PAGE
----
Budget 2015: Jaitley just deepened the crisis in public sector banks
In the absence of a recapitalisation roadmap, the government has to bring down its stake in banks to below 51 percent
Mumbai: The big shocker of the budget came for state-run banks, especially small and non-performing ones, when Jaitley announced lower share of capital for these entities and remained largely silent on ways to recapitalise these entities, including paring the government’s stake in state-run banks.
The Rs 7,940 crore capital infusion announced in the budget is nearly half of what state-run banks require and lower than what the government committed for fiscal year 2015.
Even for last year, the government has so far infused only about Rs 6,990 crore out of the promised capital infusion of Rs 11,200 crore, based on performance.
Jaitley’s message is clear: Small government banks, especially which rank lower in terms of performance, will have to go to the market to raise funds or get merged with other banks. They needn’t expect any capital from the government from now on.
But raising money from the market wouldn’t be an easy task for smaller banks, since there is very less investor appetite in these banks, burdened with high bad loans and poor growth. Except the large lenders, like State Bank of India, not many lenders have been successful in tapping private funds.
Traditionally, state-run banks are heavily dependent on government funds for capital. Logically, the reluctance of the government to infuse capital would step up pressure on banks to seek options to merge with large banks or shrink their business size.
Remember, the reasons for non-performance of many state-run banks are not necessarily their inefficiency in operations but the lack of their autonomy. There have been frequent interventions by the government in their business decisions.
These banks were used to roll out the populist measures of governments — loan waivers and different forms of directed lending — time to time regardless of which government rules at the Centre, unlike their rivals in the private sector. Hence, the government cannot escape the responsibility of their current state.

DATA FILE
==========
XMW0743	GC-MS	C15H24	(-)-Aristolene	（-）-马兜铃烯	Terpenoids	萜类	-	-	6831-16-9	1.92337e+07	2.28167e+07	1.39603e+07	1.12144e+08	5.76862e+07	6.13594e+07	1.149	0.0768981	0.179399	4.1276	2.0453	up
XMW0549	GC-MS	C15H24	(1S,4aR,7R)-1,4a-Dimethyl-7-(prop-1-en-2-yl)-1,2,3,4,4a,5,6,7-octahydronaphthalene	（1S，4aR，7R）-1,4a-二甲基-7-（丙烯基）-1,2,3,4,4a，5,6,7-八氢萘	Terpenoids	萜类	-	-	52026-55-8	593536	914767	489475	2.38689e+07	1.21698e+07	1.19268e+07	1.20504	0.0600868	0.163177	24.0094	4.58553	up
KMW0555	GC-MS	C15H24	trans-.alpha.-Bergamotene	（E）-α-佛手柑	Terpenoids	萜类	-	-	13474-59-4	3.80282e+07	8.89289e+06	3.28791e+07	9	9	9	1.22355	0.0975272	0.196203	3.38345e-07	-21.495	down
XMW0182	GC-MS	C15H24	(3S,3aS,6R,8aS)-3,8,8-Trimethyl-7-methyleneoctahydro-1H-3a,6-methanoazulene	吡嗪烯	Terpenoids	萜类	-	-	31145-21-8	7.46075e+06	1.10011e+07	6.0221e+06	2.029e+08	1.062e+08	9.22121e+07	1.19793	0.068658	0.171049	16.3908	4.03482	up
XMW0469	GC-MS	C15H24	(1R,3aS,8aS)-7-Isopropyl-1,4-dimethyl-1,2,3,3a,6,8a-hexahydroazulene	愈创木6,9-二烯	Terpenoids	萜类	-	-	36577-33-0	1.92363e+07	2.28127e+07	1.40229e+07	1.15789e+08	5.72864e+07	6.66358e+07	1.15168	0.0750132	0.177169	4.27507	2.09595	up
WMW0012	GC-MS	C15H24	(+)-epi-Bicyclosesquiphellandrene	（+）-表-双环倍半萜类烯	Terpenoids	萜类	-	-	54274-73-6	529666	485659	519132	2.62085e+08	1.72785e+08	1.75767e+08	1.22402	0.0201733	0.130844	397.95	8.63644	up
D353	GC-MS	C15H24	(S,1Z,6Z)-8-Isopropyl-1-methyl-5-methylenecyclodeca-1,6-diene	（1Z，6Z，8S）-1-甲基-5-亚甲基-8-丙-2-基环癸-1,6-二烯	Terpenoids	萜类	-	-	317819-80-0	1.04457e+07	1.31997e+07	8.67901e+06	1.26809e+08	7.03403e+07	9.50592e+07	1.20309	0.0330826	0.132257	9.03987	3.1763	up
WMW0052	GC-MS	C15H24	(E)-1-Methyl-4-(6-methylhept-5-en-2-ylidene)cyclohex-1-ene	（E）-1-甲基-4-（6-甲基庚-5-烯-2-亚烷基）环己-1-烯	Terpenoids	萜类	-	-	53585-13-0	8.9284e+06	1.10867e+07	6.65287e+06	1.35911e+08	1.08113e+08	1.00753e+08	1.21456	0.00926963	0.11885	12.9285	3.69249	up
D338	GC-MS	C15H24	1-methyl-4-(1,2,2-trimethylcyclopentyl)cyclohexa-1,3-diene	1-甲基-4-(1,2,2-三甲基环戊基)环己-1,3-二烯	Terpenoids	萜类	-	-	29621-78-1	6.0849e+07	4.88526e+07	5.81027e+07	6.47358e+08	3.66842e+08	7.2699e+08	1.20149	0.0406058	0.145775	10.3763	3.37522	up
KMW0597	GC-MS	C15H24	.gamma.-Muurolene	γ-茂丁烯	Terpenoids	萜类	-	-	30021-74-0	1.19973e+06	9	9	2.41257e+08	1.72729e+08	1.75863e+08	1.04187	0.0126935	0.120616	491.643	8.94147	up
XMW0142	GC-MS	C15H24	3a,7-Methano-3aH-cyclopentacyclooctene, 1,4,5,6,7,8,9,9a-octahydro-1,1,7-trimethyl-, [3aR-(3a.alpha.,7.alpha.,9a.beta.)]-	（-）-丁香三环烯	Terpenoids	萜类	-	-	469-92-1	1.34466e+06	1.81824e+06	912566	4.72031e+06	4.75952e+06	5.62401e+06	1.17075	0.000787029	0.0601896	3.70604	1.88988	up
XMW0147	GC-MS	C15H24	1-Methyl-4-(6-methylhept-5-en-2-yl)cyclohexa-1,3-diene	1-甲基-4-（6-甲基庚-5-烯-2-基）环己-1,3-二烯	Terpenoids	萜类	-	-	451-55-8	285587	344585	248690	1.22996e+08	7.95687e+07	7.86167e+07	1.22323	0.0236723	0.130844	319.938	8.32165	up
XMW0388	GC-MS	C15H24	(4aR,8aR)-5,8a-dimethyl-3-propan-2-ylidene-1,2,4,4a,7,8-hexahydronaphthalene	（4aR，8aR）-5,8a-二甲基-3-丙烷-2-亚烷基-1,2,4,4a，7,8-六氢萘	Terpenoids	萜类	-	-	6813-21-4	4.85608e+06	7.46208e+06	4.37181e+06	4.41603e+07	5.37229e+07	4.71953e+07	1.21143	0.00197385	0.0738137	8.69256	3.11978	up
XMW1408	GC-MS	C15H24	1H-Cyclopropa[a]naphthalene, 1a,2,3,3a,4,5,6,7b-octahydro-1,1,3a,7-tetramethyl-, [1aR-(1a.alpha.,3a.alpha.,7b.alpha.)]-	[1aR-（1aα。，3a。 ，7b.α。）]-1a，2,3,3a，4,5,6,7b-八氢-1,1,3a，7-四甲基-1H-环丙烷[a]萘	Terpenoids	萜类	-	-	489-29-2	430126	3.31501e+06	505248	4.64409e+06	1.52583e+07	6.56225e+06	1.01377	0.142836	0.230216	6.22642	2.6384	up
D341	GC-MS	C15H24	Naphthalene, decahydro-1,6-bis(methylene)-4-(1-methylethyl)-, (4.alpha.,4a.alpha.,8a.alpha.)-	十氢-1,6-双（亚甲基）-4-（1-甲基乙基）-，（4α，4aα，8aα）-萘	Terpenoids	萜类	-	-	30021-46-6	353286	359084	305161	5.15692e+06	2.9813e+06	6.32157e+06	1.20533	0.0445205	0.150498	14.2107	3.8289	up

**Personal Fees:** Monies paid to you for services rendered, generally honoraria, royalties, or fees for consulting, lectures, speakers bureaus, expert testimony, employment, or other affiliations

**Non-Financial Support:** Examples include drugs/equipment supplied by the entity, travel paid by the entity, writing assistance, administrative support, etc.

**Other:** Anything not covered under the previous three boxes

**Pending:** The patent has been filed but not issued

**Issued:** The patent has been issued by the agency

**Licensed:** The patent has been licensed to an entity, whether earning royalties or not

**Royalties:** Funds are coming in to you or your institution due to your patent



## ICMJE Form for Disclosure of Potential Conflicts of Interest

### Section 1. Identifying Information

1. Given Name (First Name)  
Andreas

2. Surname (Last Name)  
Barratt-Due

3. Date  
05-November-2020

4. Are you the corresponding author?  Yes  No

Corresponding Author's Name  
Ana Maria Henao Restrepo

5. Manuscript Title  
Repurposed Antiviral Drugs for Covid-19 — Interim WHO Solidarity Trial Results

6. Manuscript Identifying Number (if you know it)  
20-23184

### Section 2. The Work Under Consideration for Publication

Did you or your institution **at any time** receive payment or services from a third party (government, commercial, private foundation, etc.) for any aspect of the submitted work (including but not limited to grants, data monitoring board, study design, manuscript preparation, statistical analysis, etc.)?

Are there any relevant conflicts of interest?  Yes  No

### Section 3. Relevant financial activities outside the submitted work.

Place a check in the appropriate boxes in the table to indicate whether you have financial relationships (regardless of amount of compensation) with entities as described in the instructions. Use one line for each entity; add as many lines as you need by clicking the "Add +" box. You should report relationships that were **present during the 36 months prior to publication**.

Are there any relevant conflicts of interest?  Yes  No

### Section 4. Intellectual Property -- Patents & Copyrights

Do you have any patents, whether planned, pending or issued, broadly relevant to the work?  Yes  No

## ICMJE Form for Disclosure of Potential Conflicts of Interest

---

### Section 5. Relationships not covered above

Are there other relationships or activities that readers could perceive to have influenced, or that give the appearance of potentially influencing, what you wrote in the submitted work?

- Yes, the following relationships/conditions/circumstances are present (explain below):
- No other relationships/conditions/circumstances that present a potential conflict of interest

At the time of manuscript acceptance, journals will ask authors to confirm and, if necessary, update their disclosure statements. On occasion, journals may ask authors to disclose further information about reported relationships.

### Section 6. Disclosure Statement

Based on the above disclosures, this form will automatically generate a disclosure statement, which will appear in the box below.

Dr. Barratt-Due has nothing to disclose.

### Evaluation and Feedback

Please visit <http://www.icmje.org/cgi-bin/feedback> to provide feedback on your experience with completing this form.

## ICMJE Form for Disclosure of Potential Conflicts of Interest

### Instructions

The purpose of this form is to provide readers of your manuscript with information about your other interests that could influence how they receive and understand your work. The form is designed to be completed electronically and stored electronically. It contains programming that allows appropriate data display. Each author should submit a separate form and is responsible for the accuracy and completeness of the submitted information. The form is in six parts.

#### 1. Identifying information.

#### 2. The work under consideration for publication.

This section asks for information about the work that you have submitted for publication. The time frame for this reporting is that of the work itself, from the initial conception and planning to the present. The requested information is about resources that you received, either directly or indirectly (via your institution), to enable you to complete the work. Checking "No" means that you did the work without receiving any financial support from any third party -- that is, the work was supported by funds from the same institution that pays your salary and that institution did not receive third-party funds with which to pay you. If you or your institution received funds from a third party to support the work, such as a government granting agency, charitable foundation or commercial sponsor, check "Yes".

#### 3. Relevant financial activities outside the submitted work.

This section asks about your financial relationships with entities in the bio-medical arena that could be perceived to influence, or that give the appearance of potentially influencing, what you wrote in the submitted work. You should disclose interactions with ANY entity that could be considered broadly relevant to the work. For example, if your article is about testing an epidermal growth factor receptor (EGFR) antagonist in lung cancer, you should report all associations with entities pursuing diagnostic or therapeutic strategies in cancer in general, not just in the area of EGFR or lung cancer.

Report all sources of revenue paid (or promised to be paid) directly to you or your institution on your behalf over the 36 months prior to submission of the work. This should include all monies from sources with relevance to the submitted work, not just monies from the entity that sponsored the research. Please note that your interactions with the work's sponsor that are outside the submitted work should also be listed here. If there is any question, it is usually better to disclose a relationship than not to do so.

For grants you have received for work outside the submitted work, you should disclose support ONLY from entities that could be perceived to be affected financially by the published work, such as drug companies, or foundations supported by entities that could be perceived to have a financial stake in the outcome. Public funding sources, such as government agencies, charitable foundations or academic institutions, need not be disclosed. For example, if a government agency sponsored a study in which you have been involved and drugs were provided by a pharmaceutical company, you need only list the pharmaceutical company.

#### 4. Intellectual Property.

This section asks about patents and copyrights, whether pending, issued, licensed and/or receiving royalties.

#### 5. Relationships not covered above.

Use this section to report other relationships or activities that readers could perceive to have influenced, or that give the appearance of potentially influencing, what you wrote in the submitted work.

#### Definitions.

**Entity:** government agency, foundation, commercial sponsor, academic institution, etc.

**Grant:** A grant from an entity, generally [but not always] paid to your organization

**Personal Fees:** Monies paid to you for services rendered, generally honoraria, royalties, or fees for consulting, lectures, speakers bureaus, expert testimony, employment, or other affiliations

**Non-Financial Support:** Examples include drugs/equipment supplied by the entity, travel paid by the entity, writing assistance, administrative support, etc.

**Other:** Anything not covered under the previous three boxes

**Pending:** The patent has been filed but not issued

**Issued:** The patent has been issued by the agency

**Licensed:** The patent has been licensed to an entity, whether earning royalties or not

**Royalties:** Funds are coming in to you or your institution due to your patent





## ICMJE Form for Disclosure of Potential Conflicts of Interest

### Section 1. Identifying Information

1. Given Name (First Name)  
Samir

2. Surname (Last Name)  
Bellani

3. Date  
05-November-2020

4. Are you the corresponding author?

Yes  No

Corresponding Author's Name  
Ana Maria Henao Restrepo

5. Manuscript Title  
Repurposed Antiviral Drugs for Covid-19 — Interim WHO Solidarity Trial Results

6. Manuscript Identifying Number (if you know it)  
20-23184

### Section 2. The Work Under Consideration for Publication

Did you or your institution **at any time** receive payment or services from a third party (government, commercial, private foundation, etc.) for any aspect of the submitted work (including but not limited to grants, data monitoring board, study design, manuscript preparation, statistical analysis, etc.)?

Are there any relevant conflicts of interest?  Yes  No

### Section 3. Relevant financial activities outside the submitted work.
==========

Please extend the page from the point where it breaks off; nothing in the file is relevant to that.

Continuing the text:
Interestingly, even though the government has cut down the capital infusion for banks, the budget for 2015-16 has increased the farm loan lending target for these lenders to Rs 8.5 lakh crore or 14 percent of the total bank credit. This has irked bankers.
"On one side, the government is not giving capital and at the same time, they expect us to lend more. Where is the money?" asked the chairman of a state-run bank on condition of anonymity. Even analysts have raised caution on the lower-than-expected capital infusion.
"We were expecting an infusion of Rs 15,000 crore in banks this year to meet their Basel-III requirements. What has come is much lower, which will be insufficient for lenders to meet the requirements," said Vaibhav Agrawal, vice-president, research at Angel Broking.
Even though the government has conceptualised forming a holding company to facilitate capital mobilisation of state-run banks, this will not offer a solution for banks in the short term, especially in the backdrop of rising stress on the balance sheets of banks.
The absence of adequate capital infusion in state-run banks would mean two things:
One, majority of the government banks may walk into deeper problems on account of capital required to meet the Basel-III norms and provide for bad and restructured loans stipulated by the RBI norms.
As Firstpost has noted earlier, the government banks would need a substantial amount of capital to meet the mandatory capital requirements under the Basel-III norms, to make provisions for a sizeable chunk of stressed assets on their books and to get ready for an expected pick up in credit growth.
The estimated equity capital requirement for state-run banks to meet the Basel-III norms alone is about Rs 2.4 lakh crore.
As of end December, total gross bad loans of banks stands about Rs 2.9 lakh crore. If one combines this with the restructured loan stock, the pile rise to over 10 percent of the total bank loans. Lack of capital would deepen the crisis of state-run banks.
Two, state-run banks with weak capital base would limit their ability to lend to productive sectors, essential for economic recovery. Weak capital position of public sector banks would logically push private sector banks to step up lending. But, one has to wait and watch if private banks, which typically avoid high risk sectors, would do that. In the absence of adequate bank funding, the expected recovery in growth can get delayed.
In the absence of a recapitalisation roadmap, the government, which owns more than 75 percent in 10 out of the 27 public sector banks, has to either bring down its stake in government banks below 51 percent to free up equity capital in these lenders.
For now, Jaitley’s silence has only contributed to deepen the crisis in public-sector banks.
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